Determining Repeated and Unique Structures
An operation that is commonly carried out with the COMPARE keyword is to determine, from a (large) list of structures, which of them are unique and which are repeated. This can be easily accomplished with the REDUCE option to COMPARE, which works similar to normal COMPARE, but skips over structures that have already been determined to be equivalent to others in the list. For instance, if we wanted to compare a list of 50 very similar structures we would do:
COMPARE REDUCE 1e6 str001.POSCAR str002.POSCAR str003.POSCAR \
str004.POSCAR ...
This means that two of the crystal structures in the list are considered equal if the difference in their powder diffraction patterns is less than 1e6, calculated as in the example above. The output of COMPARE/REDUCE contains the following parts. First, the powder diffraction difference values are reported:
DIFF 1 2 3 4 5
str001.POSCAR notcalculated 0.0007855 0.0007439 0.0007439 0.0007855
str002.POSCAR 0.0007855 notcalculated 0.0000701 0.0000701 notcalculated
str003.POSCAR 0.0007439 0.0000701 notcalculated notcalculated notcalculated
str004.POSCAR 0.0007439 0.0000701 notcalculated notcalculated notcalculated
...
where some of the difference values were not calculated, because some of the structures were determined to be equivalent to others at the requested level (i.e. their DIFF was lower than 1e6). This cuts down the computational cost of the COMPARE/REDUCE calculation significantly. After this, the list of unique structures is listed:
+ List of unique structures (15):
1: str001.POSCAR with multiplicity 1
2: str002.POSCAR with multiplicity 4
3: str003.POSCAR with multiplicity 7
6: str006.POSCAR with multiplicity 3
...
where the “multiplicity” is the number of repeated structures in the original list corresponding to the given unique representative structure. Lastly, the repeated structures are listed, along with their unique representative from the list above:
+ List of repeated structures (34):
4: str004.POSCAR same as 3: str003.POSCAR
5: str005.POSCAR same as 2: str002.POSCAR
9: str009.POSCAR same as 3: str003.POSCAR
10: str010.POSCAR same as 7: str007.POSCAR
11: str011.POSCAR same as 6: str006.POSCAR
...
Comparing Crystals Allowing for Cell Distortions (VCPWDF)
The variablecell powder difference (VCPWDF) comparison method is used to compare two crystal structures. It is similar to the plain powder diffraction comparison method described above, but it is designed to produce a high similarity result (a low VCPWDF value) when one of the structures is a lattice distortion of the other. This can happen, for instance, due to the effect of temperature or pressure, or when comparing a calculated structure with an experimental one. VCPWDF works by designating one of the structures as reference and the other as candidate; both are first transformed into their reduced cells. Then, all possible transformations of the reduced cell of the candidate structure are explored that may bring it into (rough) agreement with the reference reduced cell. Then, the candidate adopts the cell parameters of the reference structure’s reduced cell and the powder diffractogram dissimilarity index (POWDIFF) is calculated as in the example above. The process is repeated for all possible cell transformations and the final VCPWDF value is the minimum of all calculated dissimilarity indices. The algorithm for the VCPWDF method is described in detail in Mayo et al..
Because it involves several (sometimes many) powder diffraction generation and comparison steps, VCPWDF is slower than the usual powder diffraction comparison and it should not be used unless lattice distortions are expected to play a role in the comparison. A VCPWDF value of 0.03 or lower indicates considerable similarity and a probable match, although user discretion is recommended.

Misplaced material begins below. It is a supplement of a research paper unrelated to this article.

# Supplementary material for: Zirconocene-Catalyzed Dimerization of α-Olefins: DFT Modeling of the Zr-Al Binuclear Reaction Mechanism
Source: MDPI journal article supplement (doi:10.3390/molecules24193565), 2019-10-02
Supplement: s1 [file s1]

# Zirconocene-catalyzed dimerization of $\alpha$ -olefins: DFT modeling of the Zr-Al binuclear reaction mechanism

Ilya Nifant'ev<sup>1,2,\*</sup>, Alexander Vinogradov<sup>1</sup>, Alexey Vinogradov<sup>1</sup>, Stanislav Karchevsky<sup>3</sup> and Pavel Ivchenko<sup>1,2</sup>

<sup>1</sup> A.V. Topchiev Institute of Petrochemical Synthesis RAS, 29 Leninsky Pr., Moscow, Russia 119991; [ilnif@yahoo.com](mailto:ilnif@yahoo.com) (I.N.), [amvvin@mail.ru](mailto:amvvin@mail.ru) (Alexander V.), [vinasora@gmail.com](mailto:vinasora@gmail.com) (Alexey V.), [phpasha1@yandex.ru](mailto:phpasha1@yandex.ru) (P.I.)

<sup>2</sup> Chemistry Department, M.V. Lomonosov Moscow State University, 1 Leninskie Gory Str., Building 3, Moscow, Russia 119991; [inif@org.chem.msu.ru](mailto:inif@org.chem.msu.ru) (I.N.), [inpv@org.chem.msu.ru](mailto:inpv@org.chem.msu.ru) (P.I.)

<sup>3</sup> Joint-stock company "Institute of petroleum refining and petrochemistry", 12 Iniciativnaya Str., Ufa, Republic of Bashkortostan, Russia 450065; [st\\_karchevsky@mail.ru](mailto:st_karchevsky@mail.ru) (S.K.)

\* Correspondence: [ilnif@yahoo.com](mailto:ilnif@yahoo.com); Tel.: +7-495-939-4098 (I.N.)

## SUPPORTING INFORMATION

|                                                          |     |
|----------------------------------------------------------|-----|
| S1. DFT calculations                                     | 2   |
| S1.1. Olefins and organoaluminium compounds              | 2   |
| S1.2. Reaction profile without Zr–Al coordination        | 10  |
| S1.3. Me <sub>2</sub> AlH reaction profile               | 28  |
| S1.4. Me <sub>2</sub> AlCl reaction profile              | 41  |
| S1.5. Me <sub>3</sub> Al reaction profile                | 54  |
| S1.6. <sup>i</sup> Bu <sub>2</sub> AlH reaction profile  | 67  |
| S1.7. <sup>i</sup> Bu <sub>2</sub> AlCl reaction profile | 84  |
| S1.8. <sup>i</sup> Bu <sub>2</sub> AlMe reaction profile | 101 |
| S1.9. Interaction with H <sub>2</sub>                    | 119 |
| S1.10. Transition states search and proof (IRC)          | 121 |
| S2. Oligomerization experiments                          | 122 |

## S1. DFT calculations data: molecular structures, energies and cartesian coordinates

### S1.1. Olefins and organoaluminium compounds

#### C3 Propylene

To compare two structures using the VCPWDF method, use the COMPAREVC keyword:
COMPAREVC xtal1.cif xtal2.cif
The output shows which structure is being used as reference and which is the candidate, the reduced cell lattice vectors for both, the list of transformed candidate lattice vectors, and the calculated powder diffraction dissimilarity values for each transformation. The final VCPWDF value is given at the end, calculated as the minimum of the dissimilarity indices for all candidate transformations. Note that, unlike COMPARE, COMPAREVC cannot be used to compare more than two structures at a time. Hence, if you want to compare a list of structures, you will need to repeat COMPAREVC as many times as necessary (see the link at the end of this section).
After the two crystals are compared, COMPAREVC can be used to write
the transformed structures that most resemble each other, that is, the
ones that generated the final VCPWDF value. This is done by using the
WRITE
option:
COMPAREVC xtal1.cif xtal2.cif WRITE
which generates two .res
files (<root>_structure_1.res
and
<root>_structure_2.res
), one for each of the crystal structures that
yielded the VCPWDF score. The powder diffraction patterns
of the original and deformed structures can be generated and plotted for
visual comparison using the
POWDER command on the corresponding files.
The same method implemented in COMPAREVC can be used to compare crystal
structures to
experimental powder diffraction patterns, as described in
Mayo et al..
This experimental VCPWDF (VCxPWDF) method requires the experimental
diffraction pattern using Cu Kα radiation in .xy
format
(2θ (°) vs intensity), the indexed cell dimensions from the
experimental PXRD data, and the crystal structure you wish to compare
to the PXRD data. For now, it can be accessed via:
TRICK COMPARE PROGST10.cif PROGSTPXRD.xy 10.3741 12.6059 13.8464 90 90.268 90
where the candidate structure, diffractogram, cell lengths (in Angstroms) and cell angles (in degrees) are given. The output is entirely analogous to COMPAREVC. Same as with COMPAREVC, the WRITE keyword can be used to write the transformed structure that best matches the experimental pattern. A VCxPWDF score of 0.1 or less implies notable similarity but does not guarantee a match, so it is recommended that the simulated powder diffractogram is plotted along with the experimental one.
The VCPWDF methods cannot be used reliably for disordered structures,
and will yield low scores for certain polytype and conformational
phase structures. In VCxPWDF, experimental PXRD data that exhibit
considerable baseline require preprocessing because critic2 onlyl
does minimal processing of the experimental pattern (specifically, the
minimum y value in the .xy
file is subtracted). In addition, data
that shows severe preferred orientation may yield poor results,
because the peak heights deviate from those predicted by critic2, and
preprocessing to remove extraneous peaks is highly recommended.
You can find scripts and more detailed instructions on how to use VCPWDF and VCxPWDF at Erin Johnson’s software page.
Example Files Package
Files: example_13_01.tar.xz.